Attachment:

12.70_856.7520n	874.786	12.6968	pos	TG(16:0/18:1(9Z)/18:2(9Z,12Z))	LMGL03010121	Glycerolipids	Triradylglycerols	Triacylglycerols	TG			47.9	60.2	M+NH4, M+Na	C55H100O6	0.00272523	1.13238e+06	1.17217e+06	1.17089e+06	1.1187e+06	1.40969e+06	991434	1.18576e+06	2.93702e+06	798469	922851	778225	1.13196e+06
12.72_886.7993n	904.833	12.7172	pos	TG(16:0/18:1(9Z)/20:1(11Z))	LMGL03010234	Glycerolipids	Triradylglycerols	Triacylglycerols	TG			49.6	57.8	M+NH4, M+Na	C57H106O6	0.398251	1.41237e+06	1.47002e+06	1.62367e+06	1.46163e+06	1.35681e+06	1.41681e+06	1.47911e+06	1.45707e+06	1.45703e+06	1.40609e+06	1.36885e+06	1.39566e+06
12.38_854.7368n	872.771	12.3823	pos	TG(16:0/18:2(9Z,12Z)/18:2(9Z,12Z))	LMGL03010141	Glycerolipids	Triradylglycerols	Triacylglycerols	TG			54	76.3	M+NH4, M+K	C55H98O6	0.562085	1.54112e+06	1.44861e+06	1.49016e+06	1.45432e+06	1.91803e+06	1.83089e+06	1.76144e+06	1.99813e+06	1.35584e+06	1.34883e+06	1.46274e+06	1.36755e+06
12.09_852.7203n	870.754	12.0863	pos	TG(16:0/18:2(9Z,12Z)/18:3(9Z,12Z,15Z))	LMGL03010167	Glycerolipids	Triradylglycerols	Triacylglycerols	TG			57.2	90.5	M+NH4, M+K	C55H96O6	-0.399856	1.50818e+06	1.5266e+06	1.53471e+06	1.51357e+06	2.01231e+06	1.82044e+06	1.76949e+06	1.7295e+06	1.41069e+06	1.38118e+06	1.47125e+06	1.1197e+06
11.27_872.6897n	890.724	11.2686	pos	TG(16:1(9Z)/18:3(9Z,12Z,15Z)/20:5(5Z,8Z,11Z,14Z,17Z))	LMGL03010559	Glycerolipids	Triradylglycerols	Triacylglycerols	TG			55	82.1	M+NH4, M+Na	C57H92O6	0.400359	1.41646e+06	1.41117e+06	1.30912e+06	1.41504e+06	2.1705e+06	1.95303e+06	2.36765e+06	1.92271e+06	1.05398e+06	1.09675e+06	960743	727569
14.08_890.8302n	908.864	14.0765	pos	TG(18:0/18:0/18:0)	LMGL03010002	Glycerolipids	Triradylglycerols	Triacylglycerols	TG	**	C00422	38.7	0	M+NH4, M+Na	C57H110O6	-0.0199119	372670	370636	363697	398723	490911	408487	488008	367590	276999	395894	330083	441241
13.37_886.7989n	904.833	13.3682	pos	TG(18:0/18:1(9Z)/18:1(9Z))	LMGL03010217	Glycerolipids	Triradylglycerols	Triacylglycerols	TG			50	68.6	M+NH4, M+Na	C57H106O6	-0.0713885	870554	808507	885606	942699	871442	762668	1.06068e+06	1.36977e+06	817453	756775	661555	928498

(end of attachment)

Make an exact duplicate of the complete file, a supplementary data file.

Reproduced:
12.70_856.7520n	874.786	12.6968	pos	TG(16:0/18:1(9Z)/18:2(9Z,12Z))	LMGL03010121	Glycerolipids	Triradylglycerols	Triacylglycerols	TG			47.9	60.2	M+NH4, M+Na	C55H100O6	0.00272523	1.13238e+06	1.17217e+06	1.17089e+06	1.1187e+06	1.40969e+06	991434	1.18576e+06	2.93702e+06	798469	922851	778225	1.13196e+06
12.72_886.7993n	904.833	12.7172	pos	TG(16:0/18:1(9Z)/20:1(11Z))	LMGL03010234	Glycerolipids	Triradylglycerols	Triacylglycerols	TG			49.6	57.8	M+NH4, M+Na	C57H106O6	0.398251	1.41237e+06	1.47002e+06	1.62367e+06	1.46163e+06	1.35681e+06	1.41681e+06	1.47911e+06	1.45707e+06	1.45703e+06	1.40609e+06	1.36885e+06	1.39566e+06
12.38_854.7368n	872.771	12.3823	pos	TG(16:0/18:2(9Z,12Z)/18:2(9Z,12Z))	LMGL03010141	Glycerolipids	Triradylglycerols	Triacylglycerols	TG			54	76.3	M+NH4, M+K	C55H98O6	0.562085	1.54112e+06	1.44861e+06	1.49016e+06	1.45432e+06	1.91803e+06	1.83089e+06	1.76144e+06	1.99813e+06	1.35584e+06	1.34883e+06	1.46274e+06	1.36755e+06
12.09_852.7203n	870.754	12.0863	pos	TG(16:0/18:2(9Z,12Z)/18:3(9Z,12Z,15Z))	LMGL03010167	Glycerolipids	Triradylglycerols	Triacylglycerols	TG			57.2	90.5	M+NH4, M+K	C55H96O6	-0.399856	1.50818e+06	1.5266e+06	1.53471e+06	1.51357e+06	2.01231e+06	1.82044e+06	1.76949e+06	1.7295e+06	1.41069e+06	1.38118e+06	1.47125e+06	1.1197e+06
11.27_872.6897n	890.724	11.2686	pos	TG(16:1(9Z)/18:3(9Z,12Z,15Z)/20:5(5Z,8Z,11Z,14Z,17Z))	LMGL03010559	Glycerolipids	Triradylglycerols	Triacylglycerols	TG			55	82.1	M+NH4, M+Na	C57H92O6	0.400359	1.41646e+06	1.41117e+06	1.30912e+06	1.41504e+06	2.1705e+06	1.95303e+06	2.36765e+06	1.92271e+06	1.05398e+06	1.09675e+06	960743	727569
14.08_890.8302n	908.864	14.0765	pos	TG(18:0/18:0/18:0)	LMGL03010002	Glycerolipids	Triradylglycerols	Triacylglycerols	TG	**	C00422	38.7	0	M+NH4, M+Na	C57H110O6	-0.0199119	372670	370636	363697	398723	490911	408487	488008	367590	276999	395894	330083	441241
13.37_886.7989n	904.833	13.3682	pos	TG(18:0/18:1(9Z)/18:1(9Z))	LMGL03010217	Glycerolipids	Triradylglycerols	Triacylglycerols	TG			50	68.6	M+NH4, M+Na	C57H106O6	-0.0713885	870554	808507	885606	942699	871442	762668	1.06068e+06	1.36977e+06	817453	756775	661555	928498